In the NY Times, Adam Kirsch asks should literature be considered useful
There is a whole school of Darwinian aesthetics that explains art as a useful adaptation, which historically must have helped those who made it or those who enjoyed it to improve their chances at reproduction.
To Martin Heidegger, however, this way of looking at art would appear exactly backward. Equipment, tools, “gear,” are for Heidegger what we don’t notice or pay attention to so long as it is working. A hammer in good condition is like an extension of the person using it, a way for him to work his will. It is only when the tool breaks that it escapes the banality of usefulness and takes on determinate existence as a piece of wood and a piece of metal, with its own weight, hardness and luster.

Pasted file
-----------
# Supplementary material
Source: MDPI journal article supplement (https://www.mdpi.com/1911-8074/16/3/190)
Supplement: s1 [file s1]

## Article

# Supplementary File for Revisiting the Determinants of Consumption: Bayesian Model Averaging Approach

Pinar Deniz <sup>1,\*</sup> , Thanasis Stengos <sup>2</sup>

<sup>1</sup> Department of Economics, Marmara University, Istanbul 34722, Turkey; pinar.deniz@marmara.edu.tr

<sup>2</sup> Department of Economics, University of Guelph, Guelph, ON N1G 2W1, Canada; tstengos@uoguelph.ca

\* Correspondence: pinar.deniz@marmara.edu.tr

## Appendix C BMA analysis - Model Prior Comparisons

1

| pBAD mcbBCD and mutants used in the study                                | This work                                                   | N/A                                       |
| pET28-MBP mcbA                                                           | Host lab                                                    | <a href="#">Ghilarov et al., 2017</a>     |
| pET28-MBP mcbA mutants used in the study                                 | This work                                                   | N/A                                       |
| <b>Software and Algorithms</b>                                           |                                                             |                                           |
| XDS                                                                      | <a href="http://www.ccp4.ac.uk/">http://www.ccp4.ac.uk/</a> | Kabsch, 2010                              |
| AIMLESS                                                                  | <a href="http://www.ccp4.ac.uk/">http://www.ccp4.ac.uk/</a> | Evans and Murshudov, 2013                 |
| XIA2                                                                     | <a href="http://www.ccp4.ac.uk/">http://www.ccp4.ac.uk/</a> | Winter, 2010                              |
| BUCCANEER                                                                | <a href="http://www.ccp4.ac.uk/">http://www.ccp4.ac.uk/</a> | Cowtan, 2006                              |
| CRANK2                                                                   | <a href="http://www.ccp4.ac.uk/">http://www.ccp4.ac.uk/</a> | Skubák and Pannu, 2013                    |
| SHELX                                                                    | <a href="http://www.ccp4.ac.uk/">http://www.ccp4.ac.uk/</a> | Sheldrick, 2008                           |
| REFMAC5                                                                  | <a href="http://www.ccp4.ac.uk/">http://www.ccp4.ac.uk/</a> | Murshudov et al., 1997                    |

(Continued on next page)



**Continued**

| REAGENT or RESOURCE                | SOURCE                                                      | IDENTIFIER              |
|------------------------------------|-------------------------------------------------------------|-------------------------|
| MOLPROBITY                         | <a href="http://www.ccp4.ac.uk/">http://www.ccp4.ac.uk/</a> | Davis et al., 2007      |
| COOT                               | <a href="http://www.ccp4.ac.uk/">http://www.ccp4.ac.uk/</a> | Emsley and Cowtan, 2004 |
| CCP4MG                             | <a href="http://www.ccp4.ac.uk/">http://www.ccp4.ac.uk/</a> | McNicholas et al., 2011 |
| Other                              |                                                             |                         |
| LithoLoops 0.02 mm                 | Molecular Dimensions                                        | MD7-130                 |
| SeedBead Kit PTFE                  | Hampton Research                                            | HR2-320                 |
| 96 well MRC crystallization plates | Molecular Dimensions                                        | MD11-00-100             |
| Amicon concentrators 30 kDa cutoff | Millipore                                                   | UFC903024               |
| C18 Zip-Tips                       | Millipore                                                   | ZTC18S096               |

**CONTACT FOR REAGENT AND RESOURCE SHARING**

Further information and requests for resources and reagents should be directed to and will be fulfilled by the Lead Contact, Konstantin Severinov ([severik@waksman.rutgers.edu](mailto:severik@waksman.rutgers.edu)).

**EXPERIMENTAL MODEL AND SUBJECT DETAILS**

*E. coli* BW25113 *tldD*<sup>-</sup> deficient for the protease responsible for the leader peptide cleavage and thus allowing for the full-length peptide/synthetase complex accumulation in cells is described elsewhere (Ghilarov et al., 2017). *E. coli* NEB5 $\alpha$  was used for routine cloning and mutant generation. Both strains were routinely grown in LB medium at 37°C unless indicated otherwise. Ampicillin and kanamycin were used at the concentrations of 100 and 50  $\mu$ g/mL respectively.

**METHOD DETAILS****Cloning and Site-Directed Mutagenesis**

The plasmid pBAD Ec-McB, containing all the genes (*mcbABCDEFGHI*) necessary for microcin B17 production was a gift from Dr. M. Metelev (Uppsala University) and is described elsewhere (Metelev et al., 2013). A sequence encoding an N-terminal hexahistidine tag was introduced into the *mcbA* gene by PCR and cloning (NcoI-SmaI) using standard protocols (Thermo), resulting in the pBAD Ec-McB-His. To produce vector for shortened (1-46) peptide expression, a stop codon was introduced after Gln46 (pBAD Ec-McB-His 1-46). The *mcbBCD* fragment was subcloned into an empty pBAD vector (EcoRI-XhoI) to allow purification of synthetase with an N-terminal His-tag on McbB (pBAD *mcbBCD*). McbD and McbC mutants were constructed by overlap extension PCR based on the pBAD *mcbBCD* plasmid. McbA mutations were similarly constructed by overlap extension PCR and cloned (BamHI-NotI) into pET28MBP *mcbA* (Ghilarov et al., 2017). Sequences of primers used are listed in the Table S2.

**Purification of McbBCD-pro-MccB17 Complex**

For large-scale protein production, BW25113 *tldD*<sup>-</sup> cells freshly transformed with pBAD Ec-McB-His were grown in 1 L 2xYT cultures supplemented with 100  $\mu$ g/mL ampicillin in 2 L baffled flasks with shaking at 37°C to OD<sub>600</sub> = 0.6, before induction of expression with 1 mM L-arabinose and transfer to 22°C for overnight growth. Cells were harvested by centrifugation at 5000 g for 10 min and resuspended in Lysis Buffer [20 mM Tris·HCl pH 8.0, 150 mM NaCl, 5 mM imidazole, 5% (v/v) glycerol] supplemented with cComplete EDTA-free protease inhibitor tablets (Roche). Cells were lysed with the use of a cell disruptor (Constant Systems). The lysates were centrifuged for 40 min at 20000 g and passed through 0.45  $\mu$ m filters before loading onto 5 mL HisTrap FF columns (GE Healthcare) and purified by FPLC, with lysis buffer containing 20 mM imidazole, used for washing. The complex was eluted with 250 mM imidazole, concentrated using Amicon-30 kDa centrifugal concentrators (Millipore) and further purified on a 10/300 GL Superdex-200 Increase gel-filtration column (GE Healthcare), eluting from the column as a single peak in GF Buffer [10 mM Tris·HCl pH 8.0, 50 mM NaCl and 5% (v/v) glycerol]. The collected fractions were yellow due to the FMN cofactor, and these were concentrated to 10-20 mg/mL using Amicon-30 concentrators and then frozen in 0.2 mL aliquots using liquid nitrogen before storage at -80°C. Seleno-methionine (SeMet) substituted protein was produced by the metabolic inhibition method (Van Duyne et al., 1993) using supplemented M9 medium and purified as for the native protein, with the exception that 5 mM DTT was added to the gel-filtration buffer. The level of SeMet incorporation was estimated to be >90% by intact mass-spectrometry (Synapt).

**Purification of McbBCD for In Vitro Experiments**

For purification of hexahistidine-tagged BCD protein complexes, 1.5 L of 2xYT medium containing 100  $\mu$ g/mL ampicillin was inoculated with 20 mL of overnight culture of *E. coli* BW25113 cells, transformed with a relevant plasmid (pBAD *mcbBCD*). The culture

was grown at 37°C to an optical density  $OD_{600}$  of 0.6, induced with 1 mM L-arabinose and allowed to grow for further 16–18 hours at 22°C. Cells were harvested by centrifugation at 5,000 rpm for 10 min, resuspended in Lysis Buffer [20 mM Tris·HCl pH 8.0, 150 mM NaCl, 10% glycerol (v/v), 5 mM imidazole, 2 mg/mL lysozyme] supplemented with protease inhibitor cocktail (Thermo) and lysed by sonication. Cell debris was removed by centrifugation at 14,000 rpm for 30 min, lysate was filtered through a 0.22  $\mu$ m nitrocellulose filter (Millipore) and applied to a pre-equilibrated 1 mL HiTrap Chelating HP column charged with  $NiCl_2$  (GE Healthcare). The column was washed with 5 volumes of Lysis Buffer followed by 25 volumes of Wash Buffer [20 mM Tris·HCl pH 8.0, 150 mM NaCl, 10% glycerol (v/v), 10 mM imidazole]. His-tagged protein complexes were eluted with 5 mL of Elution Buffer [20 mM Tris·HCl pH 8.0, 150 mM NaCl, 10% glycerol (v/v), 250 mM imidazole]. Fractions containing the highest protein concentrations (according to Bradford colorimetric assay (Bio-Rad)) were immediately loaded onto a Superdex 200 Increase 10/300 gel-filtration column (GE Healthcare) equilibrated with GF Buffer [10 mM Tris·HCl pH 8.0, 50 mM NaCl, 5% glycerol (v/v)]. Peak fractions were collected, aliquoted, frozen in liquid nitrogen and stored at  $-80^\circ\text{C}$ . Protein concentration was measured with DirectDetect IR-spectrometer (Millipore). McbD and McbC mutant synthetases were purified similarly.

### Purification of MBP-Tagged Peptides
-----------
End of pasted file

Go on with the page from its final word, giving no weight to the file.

Literature, in this sense, is a tool that is always broken.